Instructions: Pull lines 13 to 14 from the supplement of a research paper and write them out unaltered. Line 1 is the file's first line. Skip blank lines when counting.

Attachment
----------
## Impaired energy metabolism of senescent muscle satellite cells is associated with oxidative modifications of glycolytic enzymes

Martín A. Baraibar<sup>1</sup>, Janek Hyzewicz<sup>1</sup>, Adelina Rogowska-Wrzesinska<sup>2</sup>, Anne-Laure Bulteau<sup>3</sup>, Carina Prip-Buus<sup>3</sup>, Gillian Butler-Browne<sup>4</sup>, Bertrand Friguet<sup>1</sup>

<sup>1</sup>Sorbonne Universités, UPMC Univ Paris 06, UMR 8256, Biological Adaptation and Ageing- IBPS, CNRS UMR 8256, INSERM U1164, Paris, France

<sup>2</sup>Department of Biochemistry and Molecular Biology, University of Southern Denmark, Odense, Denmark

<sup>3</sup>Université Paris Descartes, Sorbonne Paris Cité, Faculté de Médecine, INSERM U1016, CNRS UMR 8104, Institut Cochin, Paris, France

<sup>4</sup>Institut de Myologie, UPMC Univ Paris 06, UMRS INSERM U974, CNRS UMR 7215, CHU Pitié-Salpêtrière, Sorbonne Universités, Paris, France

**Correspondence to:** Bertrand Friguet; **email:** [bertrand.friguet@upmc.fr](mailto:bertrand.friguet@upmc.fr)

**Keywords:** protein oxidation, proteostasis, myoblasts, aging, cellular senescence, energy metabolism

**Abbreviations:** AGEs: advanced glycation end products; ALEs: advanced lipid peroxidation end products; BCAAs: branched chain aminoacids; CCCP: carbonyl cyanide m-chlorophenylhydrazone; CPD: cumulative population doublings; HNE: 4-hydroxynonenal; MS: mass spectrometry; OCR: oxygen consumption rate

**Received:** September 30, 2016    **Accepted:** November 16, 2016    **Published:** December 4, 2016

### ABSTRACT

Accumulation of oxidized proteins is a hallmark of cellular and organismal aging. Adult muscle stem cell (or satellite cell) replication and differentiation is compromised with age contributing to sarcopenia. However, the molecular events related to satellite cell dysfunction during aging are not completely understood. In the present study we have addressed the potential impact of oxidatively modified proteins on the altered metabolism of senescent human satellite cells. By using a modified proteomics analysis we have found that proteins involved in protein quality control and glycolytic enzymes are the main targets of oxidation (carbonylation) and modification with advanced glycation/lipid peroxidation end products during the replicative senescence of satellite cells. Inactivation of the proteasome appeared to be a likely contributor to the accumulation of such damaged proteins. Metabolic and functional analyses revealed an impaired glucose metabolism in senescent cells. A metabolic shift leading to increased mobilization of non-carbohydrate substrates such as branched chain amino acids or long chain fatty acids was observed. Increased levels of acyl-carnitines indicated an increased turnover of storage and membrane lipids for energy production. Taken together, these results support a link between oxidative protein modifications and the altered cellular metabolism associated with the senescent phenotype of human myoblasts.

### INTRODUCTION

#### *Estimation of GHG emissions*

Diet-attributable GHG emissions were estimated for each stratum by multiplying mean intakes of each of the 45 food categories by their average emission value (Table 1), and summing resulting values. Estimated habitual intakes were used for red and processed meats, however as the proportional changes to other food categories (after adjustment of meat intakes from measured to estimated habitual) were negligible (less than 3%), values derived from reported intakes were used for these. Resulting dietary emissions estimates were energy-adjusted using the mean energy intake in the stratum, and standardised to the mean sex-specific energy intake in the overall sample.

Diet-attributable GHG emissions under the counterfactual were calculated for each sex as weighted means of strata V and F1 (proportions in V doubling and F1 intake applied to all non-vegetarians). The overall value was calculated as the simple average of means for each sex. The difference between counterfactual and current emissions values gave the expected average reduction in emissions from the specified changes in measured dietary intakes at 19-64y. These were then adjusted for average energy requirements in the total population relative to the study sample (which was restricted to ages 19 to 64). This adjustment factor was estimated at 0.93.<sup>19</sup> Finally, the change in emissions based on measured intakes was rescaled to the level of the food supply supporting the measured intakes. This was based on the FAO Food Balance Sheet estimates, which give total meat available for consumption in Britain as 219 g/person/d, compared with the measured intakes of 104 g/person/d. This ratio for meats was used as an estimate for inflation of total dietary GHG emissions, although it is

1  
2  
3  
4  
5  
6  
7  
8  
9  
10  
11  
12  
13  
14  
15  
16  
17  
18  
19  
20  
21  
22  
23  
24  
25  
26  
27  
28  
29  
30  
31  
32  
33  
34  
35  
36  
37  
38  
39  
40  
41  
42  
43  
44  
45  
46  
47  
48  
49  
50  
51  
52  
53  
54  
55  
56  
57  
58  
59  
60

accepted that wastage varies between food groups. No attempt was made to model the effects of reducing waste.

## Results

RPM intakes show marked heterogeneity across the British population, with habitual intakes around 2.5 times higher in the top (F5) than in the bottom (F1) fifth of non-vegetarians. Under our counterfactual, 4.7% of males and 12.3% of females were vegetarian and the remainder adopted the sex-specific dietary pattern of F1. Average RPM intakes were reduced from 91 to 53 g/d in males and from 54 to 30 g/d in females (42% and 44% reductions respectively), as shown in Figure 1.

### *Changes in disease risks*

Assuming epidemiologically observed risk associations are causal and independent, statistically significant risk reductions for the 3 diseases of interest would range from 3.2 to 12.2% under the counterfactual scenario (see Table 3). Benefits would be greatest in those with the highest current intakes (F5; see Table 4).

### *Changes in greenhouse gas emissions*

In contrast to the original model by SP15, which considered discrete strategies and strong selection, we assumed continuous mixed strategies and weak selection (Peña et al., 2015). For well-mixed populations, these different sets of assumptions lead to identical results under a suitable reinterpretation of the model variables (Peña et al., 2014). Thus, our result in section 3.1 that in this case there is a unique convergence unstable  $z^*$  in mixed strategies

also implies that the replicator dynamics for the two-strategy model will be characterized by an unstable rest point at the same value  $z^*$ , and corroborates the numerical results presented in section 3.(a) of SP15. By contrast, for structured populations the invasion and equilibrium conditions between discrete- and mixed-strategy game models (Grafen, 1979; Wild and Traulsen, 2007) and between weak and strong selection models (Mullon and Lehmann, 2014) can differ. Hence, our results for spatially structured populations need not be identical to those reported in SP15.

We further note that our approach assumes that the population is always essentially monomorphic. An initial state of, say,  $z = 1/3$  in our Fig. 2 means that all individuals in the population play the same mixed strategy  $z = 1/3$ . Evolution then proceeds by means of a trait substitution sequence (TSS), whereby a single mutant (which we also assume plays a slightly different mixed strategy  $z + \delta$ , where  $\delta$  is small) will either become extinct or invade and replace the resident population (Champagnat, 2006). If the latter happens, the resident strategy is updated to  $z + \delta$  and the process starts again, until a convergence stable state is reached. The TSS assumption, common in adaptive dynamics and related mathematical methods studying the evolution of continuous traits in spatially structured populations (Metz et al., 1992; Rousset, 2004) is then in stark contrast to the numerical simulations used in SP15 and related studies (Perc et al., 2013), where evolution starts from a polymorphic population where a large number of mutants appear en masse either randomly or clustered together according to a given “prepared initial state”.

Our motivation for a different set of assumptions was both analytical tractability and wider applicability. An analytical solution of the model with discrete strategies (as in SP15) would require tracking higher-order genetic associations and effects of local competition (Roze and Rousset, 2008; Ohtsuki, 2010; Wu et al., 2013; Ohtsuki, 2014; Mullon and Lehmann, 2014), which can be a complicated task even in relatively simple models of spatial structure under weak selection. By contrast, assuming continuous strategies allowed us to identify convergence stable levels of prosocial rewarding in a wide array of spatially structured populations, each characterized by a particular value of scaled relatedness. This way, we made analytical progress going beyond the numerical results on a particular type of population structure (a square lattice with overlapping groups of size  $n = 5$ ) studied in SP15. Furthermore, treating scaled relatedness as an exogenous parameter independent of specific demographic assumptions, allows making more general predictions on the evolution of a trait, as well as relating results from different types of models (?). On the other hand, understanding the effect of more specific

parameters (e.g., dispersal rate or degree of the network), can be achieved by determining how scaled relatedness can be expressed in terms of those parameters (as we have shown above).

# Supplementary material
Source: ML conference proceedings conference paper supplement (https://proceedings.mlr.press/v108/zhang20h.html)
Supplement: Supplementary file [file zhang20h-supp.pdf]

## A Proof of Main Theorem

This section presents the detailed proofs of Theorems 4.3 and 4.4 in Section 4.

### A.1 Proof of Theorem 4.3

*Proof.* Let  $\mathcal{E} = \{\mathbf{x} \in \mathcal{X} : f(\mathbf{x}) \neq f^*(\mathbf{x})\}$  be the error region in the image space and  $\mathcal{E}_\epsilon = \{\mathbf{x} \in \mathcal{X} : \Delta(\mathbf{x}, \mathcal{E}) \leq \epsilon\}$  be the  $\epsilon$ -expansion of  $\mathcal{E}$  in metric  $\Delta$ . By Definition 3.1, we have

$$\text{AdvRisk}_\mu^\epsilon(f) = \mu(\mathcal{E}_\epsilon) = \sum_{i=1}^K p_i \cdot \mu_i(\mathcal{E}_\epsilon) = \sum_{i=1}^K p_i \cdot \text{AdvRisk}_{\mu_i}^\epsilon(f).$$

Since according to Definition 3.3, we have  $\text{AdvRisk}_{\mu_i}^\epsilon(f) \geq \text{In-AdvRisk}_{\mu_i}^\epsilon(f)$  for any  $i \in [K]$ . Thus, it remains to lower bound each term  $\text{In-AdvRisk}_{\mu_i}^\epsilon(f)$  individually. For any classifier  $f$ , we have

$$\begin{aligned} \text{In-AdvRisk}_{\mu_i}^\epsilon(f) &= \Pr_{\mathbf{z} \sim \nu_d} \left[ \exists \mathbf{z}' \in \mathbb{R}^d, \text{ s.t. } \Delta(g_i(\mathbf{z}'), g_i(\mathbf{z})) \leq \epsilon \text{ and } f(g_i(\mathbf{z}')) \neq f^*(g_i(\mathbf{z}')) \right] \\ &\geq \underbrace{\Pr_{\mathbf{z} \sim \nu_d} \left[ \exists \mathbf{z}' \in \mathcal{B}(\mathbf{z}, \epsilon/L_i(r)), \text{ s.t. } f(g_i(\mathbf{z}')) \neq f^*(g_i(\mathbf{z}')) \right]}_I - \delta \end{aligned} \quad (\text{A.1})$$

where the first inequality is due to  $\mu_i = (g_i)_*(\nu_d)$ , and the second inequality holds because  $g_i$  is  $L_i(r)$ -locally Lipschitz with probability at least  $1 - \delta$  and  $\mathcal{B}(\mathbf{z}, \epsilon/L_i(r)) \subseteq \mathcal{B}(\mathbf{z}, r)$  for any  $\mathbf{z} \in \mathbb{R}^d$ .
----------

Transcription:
### INTRODUCTION

#### *Estimation of GHG emissions*